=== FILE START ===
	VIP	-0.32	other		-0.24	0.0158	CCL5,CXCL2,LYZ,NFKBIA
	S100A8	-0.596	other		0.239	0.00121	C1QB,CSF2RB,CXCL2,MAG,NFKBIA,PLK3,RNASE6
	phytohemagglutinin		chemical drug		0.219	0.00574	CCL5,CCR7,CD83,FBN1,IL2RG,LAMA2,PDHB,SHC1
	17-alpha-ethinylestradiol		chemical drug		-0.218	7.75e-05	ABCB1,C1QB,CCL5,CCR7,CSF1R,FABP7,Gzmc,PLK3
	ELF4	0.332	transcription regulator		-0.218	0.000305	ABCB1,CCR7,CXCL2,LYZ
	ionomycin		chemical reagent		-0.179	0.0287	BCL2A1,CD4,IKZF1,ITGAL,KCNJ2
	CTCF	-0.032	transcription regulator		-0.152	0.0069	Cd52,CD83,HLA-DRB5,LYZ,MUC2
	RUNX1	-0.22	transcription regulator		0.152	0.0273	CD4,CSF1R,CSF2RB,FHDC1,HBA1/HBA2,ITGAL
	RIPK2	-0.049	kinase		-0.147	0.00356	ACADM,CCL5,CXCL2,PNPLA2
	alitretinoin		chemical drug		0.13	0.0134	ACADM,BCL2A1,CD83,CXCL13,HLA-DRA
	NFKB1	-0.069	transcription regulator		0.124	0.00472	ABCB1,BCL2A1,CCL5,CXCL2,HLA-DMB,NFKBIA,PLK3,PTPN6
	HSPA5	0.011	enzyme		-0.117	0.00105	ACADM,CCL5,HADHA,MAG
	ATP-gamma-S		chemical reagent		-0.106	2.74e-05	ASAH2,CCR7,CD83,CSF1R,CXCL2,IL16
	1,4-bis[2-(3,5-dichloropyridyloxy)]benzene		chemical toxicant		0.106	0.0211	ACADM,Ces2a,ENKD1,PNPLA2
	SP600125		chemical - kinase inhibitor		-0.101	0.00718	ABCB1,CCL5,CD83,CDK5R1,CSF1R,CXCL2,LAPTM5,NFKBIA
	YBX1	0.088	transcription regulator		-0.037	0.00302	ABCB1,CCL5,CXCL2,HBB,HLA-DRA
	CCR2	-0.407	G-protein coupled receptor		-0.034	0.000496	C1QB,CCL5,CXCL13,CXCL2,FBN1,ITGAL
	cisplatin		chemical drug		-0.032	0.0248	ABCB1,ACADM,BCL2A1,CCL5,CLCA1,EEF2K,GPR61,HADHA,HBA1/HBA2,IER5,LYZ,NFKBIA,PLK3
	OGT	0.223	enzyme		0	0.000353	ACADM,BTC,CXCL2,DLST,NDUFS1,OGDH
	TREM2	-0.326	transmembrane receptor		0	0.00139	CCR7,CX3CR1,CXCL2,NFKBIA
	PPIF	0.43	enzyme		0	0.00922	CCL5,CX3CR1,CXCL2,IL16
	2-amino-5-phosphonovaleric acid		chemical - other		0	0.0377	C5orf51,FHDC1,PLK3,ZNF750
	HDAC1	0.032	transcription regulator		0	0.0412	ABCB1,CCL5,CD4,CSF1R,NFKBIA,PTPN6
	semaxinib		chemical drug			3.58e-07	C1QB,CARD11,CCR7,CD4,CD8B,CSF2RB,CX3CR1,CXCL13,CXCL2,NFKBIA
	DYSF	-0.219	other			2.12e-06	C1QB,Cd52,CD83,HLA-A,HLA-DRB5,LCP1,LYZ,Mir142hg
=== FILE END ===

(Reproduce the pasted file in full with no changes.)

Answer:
	VIP	-0.32	other		-0.24	0.0158	CCL5,CXCL2,LYZ,NFKBIA
	S100A8	-0.596	other		0.239	0.00121	C1QB,CSF2RB,CXCL2,MAG,NFKBIA,PLK3,RNASE6
	phytohemagglutinin		chemical drug		0.219	0.00574	CCL5,CCR7,CD83,FBN1,IL2RG,LAMA2,PDHB,SHC1
	17-alpha-ethinylestradiol		chemical drug		-0.218	7.75e-05	ABCB1,C1QB,CCL5,CCR7,CSF1R,FABP7,Gzmc,PLK3
	ELF4	0.332	transcription regulator		-0.218	0.000305	ABCB1,CCR7,CXCL2,LYZ
	ionomycin		chemical reagent		-0.179	0.0287	BCL2A1,CD4,IKZF1,ITGAL,KCNJ2
	CTCF	-0.032	transcription regulator		-0.152	0.0069	Cd52,CD83,HLA-DRB5,LYZ,MUC2
	RUNX1	-0.22	transcription regulator		0.152	0.0273	CD4,CSF1R,CSF2RB,FHDC1,HBA1/HBA2,ITGAL
	RIPK2	-0.049	kinase		-0.147	0.00356	ACADM,CCL5,CXCL2,PNPLA2
	alitretinoin		chemical drug		0.13	0.0134	ACADM,BCL2A1,CD83,CXCL13,HLA-DRA
	NFKB1	-0.069	transcription regulator		0.124	0.00472	ABCB1,BCL2A1,CCL5,CXCL2,HLA-DMB,NFKBIA,PLK3,PTPN6
	HSPA5	0.011	enzyme		-0.117	0.00105	ACADM,CCL5,HADHA,MAG
	ATP-gamma-S		chemical reagent		-0.106	2.74e-05	ASAH2,CCR7,CD83,CSF1R,CXCL2,IL16
	1,4-bis[2-(3,5-dichloropyridyloxy)]benzene		chemical toxicant		0.106	0.0211	ACADM,Ces2a,ENKD1,PNPLA2
	SP600125		chemical - kinase inhibitor		-0.101	0.00718	ABCB1,CCL5,CD83,CDK5R1,CSF1R,CXCL2,LAPTM5,NFKBIA
	YBX1	0.088	transcription regulator		-0.037	0.00302	ABCB1,CCL5,CXCL2,HBB,HLA-DRA
	CCR2	-0.407	G-protein coupled receptor		-0.034	0.000496	C1QB,CCL5,CXCL13,CXCL2,FBN1,ITGAL
	cisplatin		chemical drug		-0.032	0.0248	ABCB1,ACADM,BCL2A1,CCL5,CLCA1,EEF2K,GPR61,HADHA,HBA1/HBA2,IER5,LYZ,NFKBIA,PLK3
	OGT	0.223	enzyme		0	0.000353	ACADM,BTC,CXCL2,DLST,NDUFS1,OGDH
	TREM2	-0.326	transmembrane receptor		0	0.00139	CCR7,CX3CR1,CXCL2,NFKBIA
	PPIF	0.43	enzyme		0	0.00922	CCL5,CX3CR1,CXCL2,IL16
	2-amino-5-phosphonovaleric acid		chemical - other		0	0.0377	C5orf51,FHDC1,PLK3,ZNF750
	HDAC1	0.032	transcription regulator		0	0.0412	ABCB1,CCL5,CD4,CSF1R,NFKBIA,PTPN6
	semaxinib		chemical drug			3.58e-07	C1QB,CARD11,CCR7,CD4,CD8B,CSF2RB,CX3CR1,CXCL13,CXCL2,NFKBIA
	DYSF	-0.219	other			2.12e-06	C1QB,Cd52,CD83,HLA-A,HLA-DRB5,LCP1,LYZ,Mir142hg